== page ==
Hawaiian

Alternative name(s): Hawaiiaans (nl)

Language family: Malay-Polynesian

Language group: Polynesian

Geographical use: Hawaii

Information: Hawaiian is one of the oldest living languages in the world. Despite of the renewed interest in the languagesn only 1% of the population speaks it.

The reason why so few people speak Hawaiian is that in 1898 Hawai was annexed by the United States. The language was officially forbidden in schools and daily life. The use of the language was also vetoed in the Kamehameha (school system reserved for children from native people).
Until the arrival of the colonists and missionaries, “Olelo Hawaii” was an oral language. Thanks to the missionaries a written alphabet was made in the middle of the 19th century. They taught the Hawaiians to read the written language so that they would learn the Bible in that way.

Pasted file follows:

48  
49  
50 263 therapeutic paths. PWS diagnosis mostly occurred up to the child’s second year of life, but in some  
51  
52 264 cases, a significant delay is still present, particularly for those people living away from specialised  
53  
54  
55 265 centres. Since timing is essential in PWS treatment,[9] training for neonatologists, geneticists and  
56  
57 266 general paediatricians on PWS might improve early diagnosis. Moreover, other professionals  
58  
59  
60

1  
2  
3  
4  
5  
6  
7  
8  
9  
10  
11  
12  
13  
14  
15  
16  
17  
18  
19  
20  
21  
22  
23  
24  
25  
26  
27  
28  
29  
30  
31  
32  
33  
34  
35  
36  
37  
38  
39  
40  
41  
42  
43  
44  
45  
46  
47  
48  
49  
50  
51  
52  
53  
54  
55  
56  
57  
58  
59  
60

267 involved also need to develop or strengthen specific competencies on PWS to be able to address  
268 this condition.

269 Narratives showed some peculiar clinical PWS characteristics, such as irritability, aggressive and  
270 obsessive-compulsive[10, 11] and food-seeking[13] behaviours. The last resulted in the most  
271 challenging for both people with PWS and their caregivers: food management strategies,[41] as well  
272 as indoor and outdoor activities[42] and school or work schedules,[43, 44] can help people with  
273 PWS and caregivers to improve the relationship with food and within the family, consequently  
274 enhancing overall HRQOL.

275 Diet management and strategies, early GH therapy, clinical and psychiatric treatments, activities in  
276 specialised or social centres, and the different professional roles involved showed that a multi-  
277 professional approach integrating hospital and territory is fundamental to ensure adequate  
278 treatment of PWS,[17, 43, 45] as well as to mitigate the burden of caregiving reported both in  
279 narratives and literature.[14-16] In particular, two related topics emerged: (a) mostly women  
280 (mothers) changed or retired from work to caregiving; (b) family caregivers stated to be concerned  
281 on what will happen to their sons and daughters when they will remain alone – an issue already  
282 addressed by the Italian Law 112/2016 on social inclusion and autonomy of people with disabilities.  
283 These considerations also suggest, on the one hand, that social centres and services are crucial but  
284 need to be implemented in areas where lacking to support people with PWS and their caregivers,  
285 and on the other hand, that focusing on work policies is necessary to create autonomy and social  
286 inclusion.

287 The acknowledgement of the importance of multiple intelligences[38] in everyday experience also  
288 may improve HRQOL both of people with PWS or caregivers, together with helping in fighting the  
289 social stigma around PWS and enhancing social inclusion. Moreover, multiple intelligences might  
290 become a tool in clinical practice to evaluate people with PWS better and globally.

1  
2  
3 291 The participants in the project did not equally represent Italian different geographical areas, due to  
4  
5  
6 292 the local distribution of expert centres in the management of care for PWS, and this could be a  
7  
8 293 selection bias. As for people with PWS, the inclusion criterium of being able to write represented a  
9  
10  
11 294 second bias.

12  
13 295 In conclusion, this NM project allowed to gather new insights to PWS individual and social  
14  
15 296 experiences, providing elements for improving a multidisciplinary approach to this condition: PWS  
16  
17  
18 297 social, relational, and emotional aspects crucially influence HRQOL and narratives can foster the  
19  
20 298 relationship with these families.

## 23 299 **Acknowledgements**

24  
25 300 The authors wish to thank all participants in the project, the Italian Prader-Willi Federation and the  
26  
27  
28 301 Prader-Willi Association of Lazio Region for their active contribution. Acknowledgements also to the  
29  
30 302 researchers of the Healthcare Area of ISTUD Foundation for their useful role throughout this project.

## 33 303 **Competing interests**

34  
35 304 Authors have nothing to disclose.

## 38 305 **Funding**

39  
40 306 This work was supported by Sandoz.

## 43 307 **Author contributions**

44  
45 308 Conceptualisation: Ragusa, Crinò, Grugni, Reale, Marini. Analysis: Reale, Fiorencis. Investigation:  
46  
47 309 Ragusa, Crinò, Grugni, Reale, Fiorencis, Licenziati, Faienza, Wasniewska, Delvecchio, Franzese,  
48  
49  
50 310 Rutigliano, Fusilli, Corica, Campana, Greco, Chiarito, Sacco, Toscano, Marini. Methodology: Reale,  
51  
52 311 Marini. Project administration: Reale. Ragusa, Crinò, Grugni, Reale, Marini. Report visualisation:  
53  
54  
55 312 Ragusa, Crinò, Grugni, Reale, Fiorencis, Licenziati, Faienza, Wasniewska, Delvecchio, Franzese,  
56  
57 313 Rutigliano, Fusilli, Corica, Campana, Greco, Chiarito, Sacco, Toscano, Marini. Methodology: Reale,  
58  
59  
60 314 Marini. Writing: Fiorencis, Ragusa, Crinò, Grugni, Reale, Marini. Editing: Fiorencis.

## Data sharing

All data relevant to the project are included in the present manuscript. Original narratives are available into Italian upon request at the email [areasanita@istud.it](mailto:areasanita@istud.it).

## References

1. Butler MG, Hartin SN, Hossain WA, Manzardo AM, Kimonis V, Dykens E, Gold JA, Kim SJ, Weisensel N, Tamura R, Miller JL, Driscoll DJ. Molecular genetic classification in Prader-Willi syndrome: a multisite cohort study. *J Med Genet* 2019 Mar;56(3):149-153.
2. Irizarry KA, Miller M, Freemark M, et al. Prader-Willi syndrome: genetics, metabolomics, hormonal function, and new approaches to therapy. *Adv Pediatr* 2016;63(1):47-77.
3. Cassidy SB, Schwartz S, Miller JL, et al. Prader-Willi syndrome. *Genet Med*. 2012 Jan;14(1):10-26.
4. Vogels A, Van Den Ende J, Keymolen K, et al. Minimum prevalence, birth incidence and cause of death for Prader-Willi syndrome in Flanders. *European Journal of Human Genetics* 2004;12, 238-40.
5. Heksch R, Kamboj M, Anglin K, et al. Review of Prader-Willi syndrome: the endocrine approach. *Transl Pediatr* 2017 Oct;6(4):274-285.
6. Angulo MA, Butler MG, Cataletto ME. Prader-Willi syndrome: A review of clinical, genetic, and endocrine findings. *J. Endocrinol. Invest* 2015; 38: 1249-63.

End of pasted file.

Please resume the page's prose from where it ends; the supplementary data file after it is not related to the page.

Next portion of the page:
The Hawaiian alphabet consists of twelve letters: five vocals and six consonants. There is also the okina and the kahako; these are punctuation signs that can change the pronouncement of each word.

A, E, I, O, U, H, K, L, M, N, P, W

The vocals are pronounced in another way than in English.

A is pronouced as ah
E is pronouced as eh
I is pronouced as ii
O is pronouced as oh
U is pronouced as uu

Okina is a symbol that looks like an apostrophe (‘). It is used to separate words en can only be found between vocals.

Kahako is a symbol that looks like a hyphen (-) and is placed on top of a vocal. If it is used, it means that the vocal is long and should be pronounced a bit longer than normal.

 

Havasupai

Hebrew - Old